Grognard Wargamer Thread!

@tpholt mentions this a bit, but Omaha is carved up into 2 distinct “games”:
The first 4 hours are 15-minute turns (0600-1000), so turns 1-16.
The next 8 hours are 30-minute turns (1000-1800), turns 17-32.

The game gets more complex after turn 16, as you add in more complex German tactics and another seven sections of rules to cover them.

There is a two-unit stacking limit that has to be met by the end of the US Actions phase. If you have more than that during the German fire phase (which happens with the landings getting tossed about) there are firing bonuses for the Germans on that particular stack.

Reading your explanation on Peleliu from yesterday, I feel like the two games are quite different in interesting ways. Omaha is really fun because you’re dealing with cliffs and trying to gain control of the draws off the beach (it’s worth 5 victory points in this scenario) so you can get your forces inland efficiently. The altitude adds a whole level of challenge that I’d guess is absent from Peleliu?

Okay, that’s weird, because the units are company sized in both Peleliu and Omaha, but the hexes in Omaha are obviously smaller, as are the time slices. So why do both games have the exact same rules for stacking?

I’m guessing the answer is “because gameplay”. But if I were a grognard, I’d probably start grumbling about now.

You would have made a great naval intelligence officer in World War II! That’s certainly what the Marines were told leading up to the landing. What they discovered was very very different.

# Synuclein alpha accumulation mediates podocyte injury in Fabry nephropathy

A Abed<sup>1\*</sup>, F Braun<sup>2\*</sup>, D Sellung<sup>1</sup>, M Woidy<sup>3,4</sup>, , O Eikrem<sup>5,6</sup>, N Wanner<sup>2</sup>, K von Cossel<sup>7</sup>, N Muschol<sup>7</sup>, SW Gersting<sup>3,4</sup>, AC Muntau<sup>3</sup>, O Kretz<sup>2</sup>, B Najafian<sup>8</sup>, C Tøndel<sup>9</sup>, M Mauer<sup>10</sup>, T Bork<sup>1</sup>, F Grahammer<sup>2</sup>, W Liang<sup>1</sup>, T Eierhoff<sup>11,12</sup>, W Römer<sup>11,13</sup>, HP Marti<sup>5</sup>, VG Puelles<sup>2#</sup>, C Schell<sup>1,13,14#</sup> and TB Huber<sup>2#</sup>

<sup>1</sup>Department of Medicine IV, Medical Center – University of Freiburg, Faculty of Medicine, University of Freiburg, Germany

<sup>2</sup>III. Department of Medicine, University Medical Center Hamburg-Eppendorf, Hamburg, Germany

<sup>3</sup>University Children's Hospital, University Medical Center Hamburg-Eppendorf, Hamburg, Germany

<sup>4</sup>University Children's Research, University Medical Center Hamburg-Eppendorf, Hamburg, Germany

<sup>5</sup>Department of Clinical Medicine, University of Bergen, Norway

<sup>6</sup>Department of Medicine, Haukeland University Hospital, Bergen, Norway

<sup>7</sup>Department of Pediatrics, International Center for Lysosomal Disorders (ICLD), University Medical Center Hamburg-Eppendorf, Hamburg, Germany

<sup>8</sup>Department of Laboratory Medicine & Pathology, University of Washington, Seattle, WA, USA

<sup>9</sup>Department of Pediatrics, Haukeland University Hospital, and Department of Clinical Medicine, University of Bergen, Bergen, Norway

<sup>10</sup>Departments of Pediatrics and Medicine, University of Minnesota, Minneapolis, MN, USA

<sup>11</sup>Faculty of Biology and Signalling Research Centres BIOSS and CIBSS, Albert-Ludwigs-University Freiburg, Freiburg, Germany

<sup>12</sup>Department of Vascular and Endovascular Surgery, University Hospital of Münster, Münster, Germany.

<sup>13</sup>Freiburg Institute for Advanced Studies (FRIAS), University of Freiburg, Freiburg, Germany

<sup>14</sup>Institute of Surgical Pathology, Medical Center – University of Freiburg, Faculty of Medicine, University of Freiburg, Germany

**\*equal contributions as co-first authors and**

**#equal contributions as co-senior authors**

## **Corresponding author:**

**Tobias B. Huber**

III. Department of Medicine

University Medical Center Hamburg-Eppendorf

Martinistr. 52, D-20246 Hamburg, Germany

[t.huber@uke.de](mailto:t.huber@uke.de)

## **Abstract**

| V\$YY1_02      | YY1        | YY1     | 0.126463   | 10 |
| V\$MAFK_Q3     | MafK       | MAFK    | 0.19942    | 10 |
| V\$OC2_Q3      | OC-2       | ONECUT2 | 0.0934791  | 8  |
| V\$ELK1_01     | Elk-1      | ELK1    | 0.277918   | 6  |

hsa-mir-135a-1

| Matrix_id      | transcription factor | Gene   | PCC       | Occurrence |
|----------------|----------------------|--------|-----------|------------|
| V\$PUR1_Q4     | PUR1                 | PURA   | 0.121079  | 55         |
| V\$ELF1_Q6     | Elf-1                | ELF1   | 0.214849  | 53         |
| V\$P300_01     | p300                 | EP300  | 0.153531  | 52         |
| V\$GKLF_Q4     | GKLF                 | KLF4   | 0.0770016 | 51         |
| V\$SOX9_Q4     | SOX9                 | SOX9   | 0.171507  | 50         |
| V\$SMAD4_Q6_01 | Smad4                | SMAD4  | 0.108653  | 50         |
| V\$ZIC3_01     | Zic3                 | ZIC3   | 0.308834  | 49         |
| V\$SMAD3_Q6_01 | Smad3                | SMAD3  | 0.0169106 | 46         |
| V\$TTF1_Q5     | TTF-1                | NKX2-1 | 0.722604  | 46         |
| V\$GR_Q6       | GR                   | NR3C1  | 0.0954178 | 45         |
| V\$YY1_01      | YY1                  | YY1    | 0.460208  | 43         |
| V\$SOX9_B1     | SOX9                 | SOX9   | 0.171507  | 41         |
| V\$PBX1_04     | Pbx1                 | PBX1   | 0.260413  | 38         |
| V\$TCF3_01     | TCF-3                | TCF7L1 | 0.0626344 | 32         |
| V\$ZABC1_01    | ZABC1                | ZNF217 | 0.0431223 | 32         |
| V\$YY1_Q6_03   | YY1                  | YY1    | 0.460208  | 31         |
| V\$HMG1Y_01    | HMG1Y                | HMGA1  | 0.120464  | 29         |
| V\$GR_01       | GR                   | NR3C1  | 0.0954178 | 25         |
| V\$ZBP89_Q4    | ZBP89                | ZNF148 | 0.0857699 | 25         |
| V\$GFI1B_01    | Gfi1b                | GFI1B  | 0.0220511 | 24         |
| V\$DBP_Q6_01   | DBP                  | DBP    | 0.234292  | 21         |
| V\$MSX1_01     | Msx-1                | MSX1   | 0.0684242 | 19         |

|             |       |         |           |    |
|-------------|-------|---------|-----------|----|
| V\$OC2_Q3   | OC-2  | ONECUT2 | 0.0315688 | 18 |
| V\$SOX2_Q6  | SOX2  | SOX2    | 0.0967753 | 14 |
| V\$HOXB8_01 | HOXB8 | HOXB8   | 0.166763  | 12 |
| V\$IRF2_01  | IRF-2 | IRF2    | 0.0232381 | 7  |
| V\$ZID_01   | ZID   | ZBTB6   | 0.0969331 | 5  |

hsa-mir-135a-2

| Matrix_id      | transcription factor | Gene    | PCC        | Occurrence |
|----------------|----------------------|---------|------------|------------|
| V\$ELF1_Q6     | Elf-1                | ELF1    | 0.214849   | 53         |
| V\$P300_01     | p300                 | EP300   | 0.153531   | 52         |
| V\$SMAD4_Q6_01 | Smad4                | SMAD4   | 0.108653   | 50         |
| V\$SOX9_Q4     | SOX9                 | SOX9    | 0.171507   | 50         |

Peleliu has an entire mountain for the Marines to contend with. It’s got more than enough elevation to go around. That’s a big part of why it was such slow going. Long before the Marines were bogged down in ash at Iwo Jima, they were contending with unexpected elevation and terrain at Peleliu.


I think I started with Panzer Leader and Panzer Blitz. I’ll check those out.

I love sub games, so I’ll definitely take a look at those too! Thanks!

Not necessarily. Numerous designers point out that stacking limits are almost never “how many units can you physically cram in this hex.” Rather, they are a combination of command control and doctrinal factors that dictate how large a group of units you could either effectively control in a hex (allowing for effective tactical movement) and how many units the historical combatants actually placed in a hex (allowing for doctrinal variation and unit frontage). While I don’t know the specific design decisions that led to the stacking limits being the same, it might represent differences between D-Day and the Pacific. And the Japanese and Germans.

re: @Godzilla_Blitz’s recommendations of The Hunters and Silent Victory, my only comment would be that there is no clever AI or anything in those games. Those are random story generators along the lines of B-17: Queen of the Skies, which came out 40 years ago. The Butterfield titles–to me–represent actual design achievement. Those submarine titles represent … well, I won’t go further.

P.S. Haha bobwire!

They are largely hard to get now, except for Beneath the Med, the Italian one. I’d not recommend starting with The Hunters, as it’s pretty brutal. If money isn’t a factor, I’d hunt around for The Hunters and/or Silent Victory, but Beneath the Med is quite good as well.

I totally agree with this, although I do think there is more agency in the submarine games than I expected given what I’d heard about them. But yeah, you’re basically playing percentages against a static system. If you are focused on intellectual challenge, I’d pass on these. It’s a much lighter beer and pretzels experience, but I just love the stories the games generate. For a simple system, it does a remarkable job of generating drama, tension, and unique campaigns.